- Jul 4, 2020
She had become nearly forgotten. Little is known about the young woman who was killed for her Christian faith, presumably in the second century A.D. But now, a pandemic is shedding light on her: St. Corona.
Imagine if you gave a Mass and nobody came. That’s an emerging reality for priests as the phenomenon of livestreamed, YouTubed and other online Masses grows amid the pandemic. That’s doesn’t make it any easier, though.
As people throughout the U.S. self-isolate and retreat from daily life amid the COVID-19 pandemic, priests and women religious have become beacons of hope globally as they mobilize in unconventional ways.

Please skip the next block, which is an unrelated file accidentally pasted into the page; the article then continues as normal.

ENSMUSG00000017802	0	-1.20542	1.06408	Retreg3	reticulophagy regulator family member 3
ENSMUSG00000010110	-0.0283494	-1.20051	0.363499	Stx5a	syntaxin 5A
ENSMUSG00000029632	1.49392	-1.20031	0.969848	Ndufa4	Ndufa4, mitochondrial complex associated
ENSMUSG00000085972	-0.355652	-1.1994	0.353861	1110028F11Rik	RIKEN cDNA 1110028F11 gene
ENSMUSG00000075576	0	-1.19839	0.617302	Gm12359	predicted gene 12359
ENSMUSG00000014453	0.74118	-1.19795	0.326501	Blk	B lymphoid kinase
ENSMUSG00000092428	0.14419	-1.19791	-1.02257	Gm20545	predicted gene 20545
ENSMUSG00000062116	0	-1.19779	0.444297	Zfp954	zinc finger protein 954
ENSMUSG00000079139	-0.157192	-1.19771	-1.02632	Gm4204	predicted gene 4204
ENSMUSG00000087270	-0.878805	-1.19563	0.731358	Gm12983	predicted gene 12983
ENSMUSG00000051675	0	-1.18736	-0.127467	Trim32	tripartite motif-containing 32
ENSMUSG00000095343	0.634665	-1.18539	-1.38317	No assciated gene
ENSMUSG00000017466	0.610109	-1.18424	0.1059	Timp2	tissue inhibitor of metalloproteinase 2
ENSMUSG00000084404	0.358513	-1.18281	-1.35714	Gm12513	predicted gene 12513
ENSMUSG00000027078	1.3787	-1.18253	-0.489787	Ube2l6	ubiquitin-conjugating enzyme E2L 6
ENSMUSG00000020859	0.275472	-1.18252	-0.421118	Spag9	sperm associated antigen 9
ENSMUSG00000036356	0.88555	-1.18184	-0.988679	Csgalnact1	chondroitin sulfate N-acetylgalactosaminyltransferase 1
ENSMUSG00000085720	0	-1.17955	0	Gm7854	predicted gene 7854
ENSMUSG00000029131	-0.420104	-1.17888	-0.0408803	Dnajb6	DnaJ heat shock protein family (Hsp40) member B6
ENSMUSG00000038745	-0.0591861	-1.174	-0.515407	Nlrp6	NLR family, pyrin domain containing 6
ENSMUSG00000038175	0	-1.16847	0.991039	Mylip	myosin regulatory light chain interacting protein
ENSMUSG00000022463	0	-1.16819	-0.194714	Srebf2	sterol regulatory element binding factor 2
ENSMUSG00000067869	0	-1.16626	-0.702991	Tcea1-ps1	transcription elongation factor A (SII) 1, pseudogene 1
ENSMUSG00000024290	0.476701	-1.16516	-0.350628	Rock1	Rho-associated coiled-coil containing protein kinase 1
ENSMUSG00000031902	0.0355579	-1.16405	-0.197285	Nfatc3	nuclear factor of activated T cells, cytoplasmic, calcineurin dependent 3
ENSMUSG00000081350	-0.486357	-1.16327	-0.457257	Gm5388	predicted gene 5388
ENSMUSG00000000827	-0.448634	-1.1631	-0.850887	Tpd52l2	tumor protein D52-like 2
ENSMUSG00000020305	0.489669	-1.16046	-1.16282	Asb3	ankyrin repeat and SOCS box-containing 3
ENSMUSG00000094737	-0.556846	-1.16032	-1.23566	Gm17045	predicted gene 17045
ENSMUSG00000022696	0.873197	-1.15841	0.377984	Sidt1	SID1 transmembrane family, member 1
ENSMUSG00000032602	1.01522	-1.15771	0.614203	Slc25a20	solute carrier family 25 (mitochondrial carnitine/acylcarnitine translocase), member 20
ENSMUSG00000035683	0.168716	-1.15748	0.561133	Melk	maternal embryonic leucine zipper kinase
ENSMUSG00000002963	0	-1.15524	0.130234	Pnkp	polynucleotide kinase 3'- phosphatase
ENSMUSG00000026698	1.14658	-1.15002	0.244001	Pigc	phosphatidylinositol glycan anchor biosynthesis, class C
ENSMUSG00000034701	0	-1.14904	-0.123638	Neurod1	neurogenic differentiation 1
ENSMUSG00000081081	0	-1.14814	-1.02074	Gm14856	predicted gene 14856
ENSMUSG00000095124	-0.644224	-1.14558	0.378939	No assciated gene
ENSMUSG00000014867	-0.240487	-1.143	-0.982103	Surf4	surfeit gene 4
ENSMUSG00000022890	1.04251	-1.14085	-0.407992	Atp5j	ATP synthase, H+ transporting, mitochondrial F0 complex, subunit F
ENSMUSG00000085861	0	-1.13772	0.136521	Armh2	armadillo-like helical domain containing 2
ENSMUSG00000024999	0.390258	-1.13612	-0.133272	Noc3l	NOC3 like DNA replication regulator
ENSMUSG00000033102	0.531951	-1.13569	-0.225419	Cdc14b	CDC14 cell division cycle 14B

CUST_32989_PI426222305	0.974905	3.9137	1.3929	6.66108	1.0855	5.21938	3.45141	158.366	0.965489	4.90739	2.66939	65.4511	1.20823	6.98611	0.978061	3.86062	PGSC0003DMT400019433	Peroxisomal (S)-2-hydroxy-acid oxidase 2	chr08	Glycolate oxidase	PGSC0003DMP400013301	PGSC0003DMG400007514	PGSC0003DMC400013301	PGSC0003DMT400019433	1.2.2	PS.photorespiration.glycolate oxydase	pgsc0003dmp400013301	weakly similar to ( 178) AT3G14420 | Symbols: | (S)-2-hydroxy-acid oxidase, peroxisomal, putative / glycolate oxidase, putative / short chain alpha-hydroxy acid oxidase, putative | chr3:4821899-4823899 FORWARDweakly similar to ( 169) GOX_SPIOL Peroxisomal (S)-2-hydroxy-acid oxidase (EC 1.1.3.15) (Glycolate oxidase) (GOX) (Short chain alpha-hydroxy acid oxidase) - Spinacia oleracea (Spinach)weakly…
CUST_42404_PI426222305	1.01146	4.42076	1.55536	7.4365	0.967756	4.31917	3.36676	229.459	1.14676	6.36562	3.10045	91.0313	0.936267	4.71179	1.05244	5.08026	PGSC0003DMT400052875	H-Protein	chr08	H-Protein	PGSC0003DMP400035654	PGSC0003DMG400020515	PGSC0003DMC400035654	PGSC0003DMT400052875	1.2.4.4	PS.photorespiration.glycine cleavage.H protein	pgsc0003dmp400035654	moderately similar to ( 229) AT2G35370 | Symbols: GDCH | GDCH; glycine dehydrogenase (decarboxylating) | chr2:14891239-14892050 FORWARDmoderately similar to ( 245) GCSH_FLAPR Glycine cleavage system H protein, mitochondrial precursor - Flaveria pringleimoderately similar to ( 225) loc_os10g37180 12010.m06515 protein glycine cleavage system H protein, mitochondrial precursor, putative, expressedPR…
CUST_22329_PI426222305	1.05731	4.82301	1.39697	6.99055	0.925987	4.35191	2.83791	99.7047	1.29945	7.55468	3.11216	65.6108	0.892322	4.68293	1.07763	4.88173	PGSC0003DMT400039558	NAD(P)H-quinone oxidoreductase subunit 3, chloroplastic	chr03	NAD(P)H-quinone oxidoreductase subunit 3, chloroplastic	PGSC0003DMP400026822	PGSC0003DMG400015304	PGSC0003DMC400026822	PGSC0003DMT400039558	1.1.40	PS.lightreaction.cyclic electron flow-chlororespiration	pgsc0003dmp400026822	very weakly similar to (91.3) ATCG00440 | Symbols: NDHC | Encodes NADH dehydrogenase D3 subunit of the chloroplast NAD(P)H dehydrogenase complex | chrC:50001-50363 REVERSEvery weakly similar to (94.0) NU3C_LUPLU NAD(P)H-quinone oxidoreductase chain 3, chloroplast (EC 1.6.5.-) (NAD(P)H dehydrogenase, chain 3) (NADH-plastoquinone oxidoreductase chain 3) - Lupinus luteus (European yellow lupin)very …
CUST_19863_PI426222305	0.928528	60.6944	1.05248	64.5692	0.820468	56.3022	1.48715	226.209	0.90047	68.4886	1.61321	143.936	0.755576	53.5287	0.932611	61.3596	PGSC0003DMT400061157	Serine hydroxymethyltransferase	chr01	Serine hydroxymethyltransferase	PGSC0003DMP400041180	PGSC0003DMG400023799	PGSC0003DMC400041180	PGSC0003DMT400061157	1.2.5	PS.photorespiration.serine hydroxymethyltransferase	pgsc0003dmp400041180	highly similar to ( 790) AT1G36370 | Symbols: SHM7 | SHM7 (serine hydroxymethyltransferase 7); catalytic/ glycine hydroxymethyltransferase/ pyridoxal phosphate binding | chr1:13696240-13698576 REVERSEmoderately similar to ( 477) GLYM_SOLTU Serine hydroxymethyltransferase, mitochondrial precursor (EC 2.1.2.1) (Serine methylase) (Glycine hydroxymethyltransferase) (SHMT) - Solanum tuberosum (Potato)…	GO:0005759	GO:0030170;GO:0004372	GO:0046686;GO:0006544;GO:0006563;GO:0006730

Catholic nurses are now often the only spiritual connection for those in their care.
WATERLOO, Iowa — On Thursday afternoon, the Rev. Amy Wiles sat in a pew at First Presbyterian Church in Waterloo, Bible open in her lap while a videographer recorded her sermon in an empty church. The sermon would be emailed and posted at the church’s website and Facebook page for
The Department of Health and Social Services late in the evening of March 26 announced the first long-term care facility coronavirus-related death in Delaware and the first outbreak of positive cases in such a facility in the state.